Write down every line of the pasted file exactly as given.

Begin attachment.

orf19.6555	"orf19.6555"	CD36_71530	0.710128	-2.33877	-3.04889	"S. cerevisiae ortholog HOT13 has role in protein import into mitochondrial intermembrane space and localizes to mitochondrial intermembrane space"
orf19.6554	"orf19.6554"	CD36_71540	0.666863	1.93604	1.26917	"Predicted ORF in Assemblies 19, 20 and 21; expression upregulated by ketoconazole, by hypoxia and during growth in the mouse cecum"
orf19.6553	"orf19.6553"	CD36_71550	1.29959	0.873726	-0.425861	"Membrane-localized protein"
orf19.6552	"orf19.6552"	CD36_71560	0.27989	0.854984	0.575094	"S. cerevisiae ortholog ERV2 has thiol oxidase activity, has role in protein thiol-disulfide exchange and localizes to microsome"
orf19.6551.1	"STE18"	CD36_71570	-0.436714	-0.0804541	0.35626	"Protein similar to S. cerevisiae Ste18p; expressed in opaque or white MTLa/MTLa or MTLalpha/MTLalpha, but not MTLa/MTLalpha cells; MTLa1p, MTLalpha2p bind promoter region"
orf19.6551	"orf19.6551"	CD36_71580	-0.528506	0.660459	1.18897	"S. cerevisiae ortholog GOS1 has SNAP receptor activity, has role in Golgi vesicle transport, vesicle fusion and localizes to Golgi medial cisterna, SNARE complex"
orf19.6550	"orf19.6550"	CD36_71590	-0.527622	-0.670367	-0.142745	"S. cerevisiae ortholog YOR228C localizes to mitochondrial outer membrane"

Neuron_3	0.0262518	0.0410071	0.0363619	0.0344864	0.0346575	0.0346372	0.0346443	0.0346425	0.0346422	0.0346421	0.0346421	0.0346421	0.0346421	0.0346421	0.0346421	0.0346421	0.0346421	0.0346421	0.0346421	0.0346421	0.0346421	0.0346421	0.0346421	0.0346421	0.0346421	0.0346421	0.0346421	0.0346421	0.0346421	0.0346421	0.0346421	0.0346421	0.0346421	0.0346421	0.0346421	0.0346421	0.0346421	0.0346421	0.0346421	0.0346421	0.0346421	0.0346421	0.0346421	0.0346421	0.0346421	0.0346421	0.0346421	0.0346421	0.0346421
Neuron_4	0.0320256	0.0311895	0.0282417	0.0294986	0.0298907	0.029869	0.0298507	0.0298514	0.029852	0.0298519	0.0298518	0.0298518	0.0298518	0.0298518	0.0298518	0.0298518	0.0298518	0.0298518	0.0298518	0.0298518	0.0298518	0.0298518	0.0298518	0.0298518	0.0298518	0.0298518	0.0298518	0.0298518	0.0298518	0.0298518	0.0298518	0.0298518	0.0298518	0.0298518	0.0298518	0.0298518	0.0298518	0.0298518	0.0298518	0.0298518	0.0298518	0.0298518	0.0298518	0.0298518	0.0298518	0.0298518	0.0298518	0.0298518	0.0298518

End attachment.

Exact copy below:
orf19.6555	"orf19.6555"	CD36_71530	0.710128	-2.33877	-3.04889	"S. cerevisiae ortholog HOT13 has role in protein import into mitochondrial intermembrane space and localizes to mitochondrial intermembrane space"
orf19.6554	"orf19.6554"	CD36_71540	0.666863	1.93604	1.26917	"Predicted ORF in Assemblies 19, 20 and 21; expression upregulated by ketoconazole, by hypoxia and during growth in the mouse cecum"
orf19.6553	"orf19.6553"	CD36_71550	1.29959	0.873726	-0.425861	"Membrane-localized protein"
orf19.6552	"orf19.6552"	CD36_71560	0.27989	0.854984	0.575094	"S. cerevisiae ortholog ERV2 has thiol oxidase activity, has role in protein thiol-disulfide exchange and localizes to microsome"
orf19.6551.1	"STE18"	CD36_71570	-0.436714	-0.0804541	0.35626	"Protein similar to S. cerevisiae Ste18p; expressed in opaque or white MTLa/MTLa or MTLalpha/MTLalpha, but not MTLa/MTLalpha cells; MTLa1p, MTLalpha2p bind promoter region"
orf19.6551	"orf19.6551"	CD36_71580	-0.528506	0.660459	1.18897	"S. cerevisiae ortholog GOS1 has SNAP receptor activity, has role in Golgi vesicle transport, vesicle fusion and localizes to Golgi medial cisterna, SNARE complex"
orf19.6550	"orf19.6550"	CD36_71590	-0.527622	-0.670367	-0.142745	"S. cerevisiae ortholog YOR228C localizes to mitochondrial outer membrane"

Neuron_3	0.0262518	0.0410071	0.0363619	0.0344864	0.0346575	0.0346372	0.0346443	0.0346425	0.0346422	0.0346421	0.0346421	0.0346421	0.0346421	0.0346421	0.0346421	0.0346421	0.0346421	0.0346421	0.0346421	0.0346421	0.0346421	0.0346421	0.0346421	0.0346421	0.0346421	0.0346421	0.0346421	0.0346421	0.0346421	0.0346421	0.0346421	0.0346421	0.0346421	0.0346421	0.0346421	0.0346421	0.0346421	0.0346421	0.0346421	0.0346421	0.0346421	0.0346421	0.0346421	0.0346421	0.0346421	0.0346421	0.0346421	0.0346421	0.0346421
Neuron_4	0.0320256	0.0311895	0.0282417	0.0294986	0.0298907	0.029869	0.0298507	0.0298514	0.029852	0.0298519	0.0298518	0.0298518	0.0298518	0.0298518	0.0298518	0.0298518	0.0298518	0.0298518	0.0298518	0.0298518	0.0298518	0.0298518	0.0298518	0.0298518	0.0298518	0.0298518	0.0298518	0.0298518	0.0298518	0.0298518	0.0298518	0.0298518	0.0298518	0.0298518	0.0298518	0.0298518	0.0298518	0.0298518	0.0298518	0.0298518	0.0298518	0.0298518	0.0298518	0.0298518	0.0298518	0.0298518	0.0298518	0.0298518	0.0298518